Two major companies are set to expand in the Ann Arbor market. KLA Corporation announced plans to build a 230,000-square-foot research and development facility at Ann Arbor Technology Park near Dixboro Road and Goss Road. KLA Corporation signed a 50,000-square-foot lease in the Northeast Corporate Center located at 2350 Green Road until the company completes its new facility in 2021. Google announced it is expanding its presence in Detroit and Ann Arbor. In 2016, Google added on to its Ann Arbor headquarters on Traverwood Drive that now totals roughly 133,000 square feet. The company said it plans on taking on another significant block of space in North Ann Arbor by 2021. Meanwhile, the Northeast Office Corridor’s vacancy rate fell 200 basis points to 2.3 percent during the second quarter, mostly on leasing activity from KLA Corporation. The Briarwood Corridor’s vacancy rate also fell 200 basis points to 3.5 percent during the quarter. Celsee, Inc.’s 13,000-square-foot lease in The Wickfield Center at 100 Phoenix Drive was one of the Corridor’s larger leases. 555 Briarwood Circle also saw leasing active from various tenants, contributing to roughly 10,000 square feet of absorption for the building. Ann Arbor’s CBD Corridor vacancy rate edged up 60 basis points to 4.0 percent during the second quarter. Various new vacancies at One North Main and 220 East Huron Street accounted for much of the spike.
Novi’s office market vacancy rate jumped 260 basis points to 12.5 percent during the second quarter as nearly 47,000 square feet in new vacancies hit the market. The bulk of negative absorption came as South University vacated its 40,000-square-foot facility at 41555 West Twelve Mile Road. This is the second largest recent vacancy in Novi. During the previous quarter, The Art Institute of Michigan vacated 50,000 square feet from Haggerty Corporate Office Centre. Leasing activity during the second quarter was made up of smaller office users taking approximately 1,500 square feet at Crystal Glen Office Centre. The loss of South University and Art Institute of Michigan users has doubled the submarket’s vacancy rate, which stood at 6.8 percent at the beginning of 2019.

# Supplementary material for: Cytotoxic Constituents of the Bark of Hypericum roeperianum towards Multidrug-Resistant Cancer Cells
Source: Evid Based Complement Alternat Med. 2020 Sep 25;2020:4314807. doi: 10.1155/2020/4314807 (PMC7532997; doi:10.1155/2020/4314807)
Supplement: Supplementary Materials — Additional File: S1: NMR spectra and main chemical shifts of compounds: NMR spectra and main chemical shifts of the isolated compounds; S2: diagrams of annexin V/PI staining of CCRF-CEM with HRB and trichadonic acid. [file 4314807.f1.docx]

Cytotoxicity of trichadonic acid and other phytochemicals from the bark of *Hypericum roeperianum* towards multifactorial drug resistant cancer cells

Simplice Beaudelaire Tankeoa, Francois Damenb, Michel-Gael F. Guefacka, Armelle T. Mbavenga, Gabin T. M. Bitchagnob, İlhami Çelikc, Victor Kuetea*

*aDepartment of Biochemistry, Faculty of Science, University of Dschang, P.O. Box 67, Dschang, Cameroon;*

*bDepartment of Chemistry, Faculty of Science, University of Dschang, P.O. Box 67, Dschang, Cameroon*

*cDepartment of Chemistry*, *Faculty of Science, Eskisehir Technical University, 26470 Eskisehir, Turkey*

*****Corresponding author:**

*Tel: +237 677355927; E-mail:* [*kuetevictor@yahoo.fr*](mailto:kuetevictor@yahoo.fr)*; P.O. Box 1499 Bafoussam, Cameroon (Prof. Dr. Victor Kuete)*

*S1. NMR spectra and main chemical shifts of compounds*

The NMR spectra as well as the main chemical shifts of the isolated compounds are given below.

Livonia’s office market vacancy rate edged up 70 basis points to 13.3 percent during the second quarter as just over 5,000 square feet in new vacancies was added to the market. Livonia’s office market has largely been stagnant over the past three years with the vacancy rate hovering at just over 13 percent. The only major absorption came in 2017 when Masco completed construction of its new 91,000-square-foot headquarters on College Parkway. The vacancy rate briefly dipped below 12 percent in 2018 but trended back to around 13 percent since.
Birmingham’s overall office market vacancy rate fell 290 basis points to 7.9 percent during the second quarter as just over 16,000 square feet was absorbed. The bulk of leasing activity was in the submarket’s CBD Corridor, which saw vacancies fall 360 basis points to 9.6 percent during the second quarter. Birmingham Towers at 280 North Old Woodward Avenue saw tenants such as Work Company, LLC and Farm Bureau Insurance taking on office space. Meanwhile, after posting vacancies following Google, Inc.’s relocation to Detroit, 325 N Old Woodward Avenue is quickly releasing space as the building absorbed roughly 15,000 square feet during the quarter. Strong demand was also evident in the prior quarter as Universal McCann immediately subleased its 21,000 square feet of office space on Old Woodward, following the marketing firm’s move and expansion into the Detroit CBD.
Southeast Oakland County